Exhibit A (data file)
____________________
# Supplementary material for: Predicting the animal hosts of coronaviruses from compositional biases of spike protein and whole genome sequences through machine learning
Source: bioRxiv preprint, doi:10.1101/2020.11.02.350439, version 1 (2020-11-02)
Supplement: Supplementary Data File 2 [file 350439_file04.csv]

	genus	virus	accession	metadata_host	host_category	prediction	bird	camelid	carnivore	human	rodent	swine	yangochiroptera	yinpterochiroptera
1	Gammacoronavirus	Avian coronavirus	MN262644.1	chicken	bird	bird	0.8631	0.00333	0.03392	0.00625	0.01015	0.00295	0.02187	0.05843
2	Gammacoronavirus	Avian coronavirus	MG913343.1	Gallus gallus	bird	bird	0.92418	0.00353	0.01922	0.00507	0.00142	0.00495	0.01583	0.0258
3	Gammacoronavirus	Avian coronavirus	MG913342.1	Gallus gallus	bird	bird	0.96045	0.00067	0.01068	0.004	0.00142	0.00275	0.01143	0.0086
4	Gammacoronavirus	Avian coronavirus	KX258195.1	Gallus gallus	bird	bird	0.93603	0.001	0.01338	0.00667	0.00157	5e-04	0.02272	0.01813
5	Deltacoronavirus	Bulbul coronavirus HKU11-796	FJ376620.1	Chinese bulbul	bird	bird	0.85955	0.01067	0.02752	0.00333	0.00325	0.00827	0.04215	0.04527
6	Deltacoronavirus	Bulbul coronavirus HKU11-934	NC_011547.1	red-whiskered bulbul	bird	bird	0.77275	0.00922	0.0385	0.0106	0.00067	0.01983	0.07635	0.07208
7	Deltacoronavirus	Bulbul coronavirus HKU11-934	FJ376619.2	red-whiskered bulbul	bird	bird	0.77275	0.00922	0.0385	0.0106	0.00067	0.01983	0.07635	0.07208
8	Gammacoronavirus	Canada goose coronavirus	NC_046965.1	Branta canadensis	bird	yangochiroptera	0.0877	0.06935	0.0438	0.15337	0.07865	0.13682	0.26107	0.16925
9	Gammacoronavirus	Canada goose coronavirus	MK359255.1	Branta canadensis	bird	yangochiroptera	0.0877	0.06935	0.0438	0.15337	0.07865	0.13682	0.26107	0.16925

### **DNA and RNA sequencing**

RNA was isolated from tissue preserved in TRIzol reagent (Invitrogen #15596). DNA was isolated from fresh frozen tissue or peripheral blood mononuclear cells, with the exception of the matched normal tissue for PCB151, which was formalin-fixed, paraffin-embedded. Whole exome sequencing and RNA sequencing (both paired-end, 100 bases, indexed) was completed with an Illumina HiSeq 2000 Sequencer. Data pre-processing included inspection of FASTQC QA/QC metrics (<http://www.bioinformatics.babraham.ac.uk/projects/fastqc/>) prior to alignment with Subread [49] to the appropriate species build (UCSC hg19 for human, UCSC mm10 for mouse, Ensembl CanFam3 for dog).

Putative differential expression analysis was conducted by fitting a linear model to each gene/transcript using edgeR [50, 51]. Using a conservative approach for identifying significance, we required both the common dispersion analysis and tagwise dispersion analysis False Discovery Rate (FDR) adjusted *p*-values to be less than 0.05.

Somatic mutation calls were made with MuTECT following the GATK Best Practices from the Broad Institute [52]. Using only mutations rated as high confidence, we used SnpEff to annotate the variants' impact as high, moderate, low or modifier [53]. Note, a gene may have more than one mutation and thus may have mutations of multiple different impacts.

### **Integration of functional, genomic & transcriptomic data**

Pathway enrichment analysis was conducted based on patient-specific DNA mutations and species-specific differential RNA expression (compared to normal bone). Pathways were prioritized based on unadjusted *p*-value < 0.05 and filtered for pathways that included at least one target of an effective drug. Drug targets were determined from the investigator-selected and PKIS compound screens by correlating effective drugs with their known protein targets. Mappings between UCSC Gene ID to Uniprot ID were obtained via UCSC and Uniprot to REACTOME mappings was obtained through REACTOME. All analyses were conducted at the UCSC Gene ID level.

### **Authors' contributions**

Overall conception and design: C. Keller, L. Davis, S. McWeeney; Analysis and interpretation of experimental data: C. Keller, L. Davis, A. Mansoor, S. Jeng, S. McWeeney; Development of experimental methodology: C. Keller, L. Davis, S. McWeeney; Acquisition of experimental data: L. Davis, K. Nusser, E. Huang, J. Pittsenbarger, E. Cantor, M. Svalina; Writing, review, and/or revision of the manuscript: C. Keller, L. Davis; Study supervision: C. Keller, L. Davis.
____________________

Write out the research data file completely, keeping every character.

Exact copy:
# Supplementary material for: Predicting the animal hosts of coronaviruses from compositional biases of spike protein and whole genome sequences through machine learning
Source: bioRxiv preprint, doi:10.1101/2020.11.02.350439, version 1 (2020-11-02)
Supplement: Supplementary Data File 2 [file 350439_file04.csv]

	genus	virus	accession	metadata_host	host_category	prediction	bird	camelid	carnivore	human	rodent	swine	yangochiroptera	yinpterochiroptera
1	Gammacoronavirus	Avian coronavirus	MN262644.1	chicken	bird	bird	0.8631	0.00333	0.03392	0.00625	0.01015	0.00295	0.02187	0.05843
2	Gammacoronavirus	Avian coronavirus	MG913343.1	Gallus gallus	bird	bird	0.92418	0.00353	0.01922	0.00507	0.00142	0.00495	0.01583	0.0258
3	Gammacoronavirus	Avian coronavirus	MG913342.1	Gallus gallus	bird	bird	0.96045	0.00067	0.01068	0.004	0.00142	0.00275	0.01143	0.0086
4	Gammacoronavirus	Avian coronavirus	KX258195.1	Gallus gallus	bird	bird	0.93603	0.001	0.01338	0.00667	0.00157	5e-04	0.02272	0.01813
5	Deltacoronavirus	Bulbul coronavirus HKU11-796	FJ376620.1	Chinese bulbul	bird	bird	0.85955	0.01067	0.02752	0.00333	0.00325	0.00827	0.04215	0.04527
6	Deltacoronavirus	Bulbul coronavirus HKU11-934	NC_011547.1	red-whiskered bulbul	bird	bird	0.77275	0.00922	0.0385	0.0106	0.00067	0.01983	0.07635	0.07208
7	Deltacoronavirus	Bulbul coronavirus HKU11-934	FJ376619.2	red-whiskered bulbul	bird	bird	0.77275	0.00922	0.0385	0.0106	0.00067	0.01983	0.07635	0.07208
8	Gammacoronavirus	Canada goose coronavirus	NC_046965.1	Branta canadensis	bird	yangochiroptera	0.0877	0.06935	0.0438	0.15337	0.07865	0.13682	0.26107	0.16925
9	Gammacoronavirus	Canada goose coronavirus	MK359255.1	Branta canadensis	bird	yangochiroptera	0.0877	0.06935	0.0438	0.15337	0.07865	0.13682	0.26107	0.16925

### **DNA and RNA sequencing**

RNA was isolated from tissue preserved in TRIzol reagent (Invitrogen #15596). DNA was isolated from fresh frozen tissue or peripheral blood mononuclear cells, with the exception of the matched normal tissue for PCB151, which was formalin-fixed, paraffin-embedded. Whole exome sequencing and RNA sequencing (both paired-end, 100 bases, indexed) was completed with an Illumina HiSeq 2000 Sequencer. Data pre-processing included inspection of FASTQC QA/QC metrics (<http://www.bioinformatics.babraham.ac.uk/projects/fastqc/>) prior to alignment with Subread [49] to the appropriate species build (UCSC hg19 for human, UCSC mm10 for mouse, Ensembl CanFam3 for dog).

Putative differential expression analysis was conducted by fitting a linear model to each gene/transcript using edgeR [50, 51]. Using a conservative approach for identifying significance, we required both the common dispersion analysis and tagwise dispersion analysis False Discovery Rate (FDR) adjusted *p*-values to be less than 0.05.

Somatic mutation calls were made with MuTECT following the GATK Best Practices from the Broad Institute [52]. Using only mutations rated as high confidence, we used SnpEff to annotate the variants' impact as high, moderate, low or modifier [53]. Note, a gene may have more than one mutation and thus may have mutations of multiple different impacts.

### **Integration of functional, genomic & transcriptomic data**

Pathway enrichment analysis was conducted based on patient-specific DNA mutations and species-specific differential RNA expression (compared to normal bone). Pathways were prioritized based on unadjusted *p*-value < 0.05 and filtered for pathways that included at least one target of an effective drug. Drug targets were determined from the investigator-selected and PKIS compound screens by correlating effective drugs with their known protein targets. Mappings between UCSC Gene ID to Uniprot ID were obtained via UCSC and Uniprot to REACTOME mappings was obtained through REACTOME. All analyses were conducted at the UCSC Gene ID level.

### **Authors' contributions**

Overall conception and design: C. Keller, L. Davis, S. McWeeney; Analysis and interpretation of experimental data: C. Keller, L. Davis, A. Mansoor, S. Jeng, S. McWeeney; Development of experimental methodology: C. Keller, L. Davis, S. McWeeney; Acquisition of experimental data: L. Davis, K. Nusser, E. Huang, J. Pittsenbarger, E. Cantor, M. Svalina; Writing, review, and/or revision of the manuscript: C. Keller, L. Davis; Study supervision: C. Keller, L. Davis.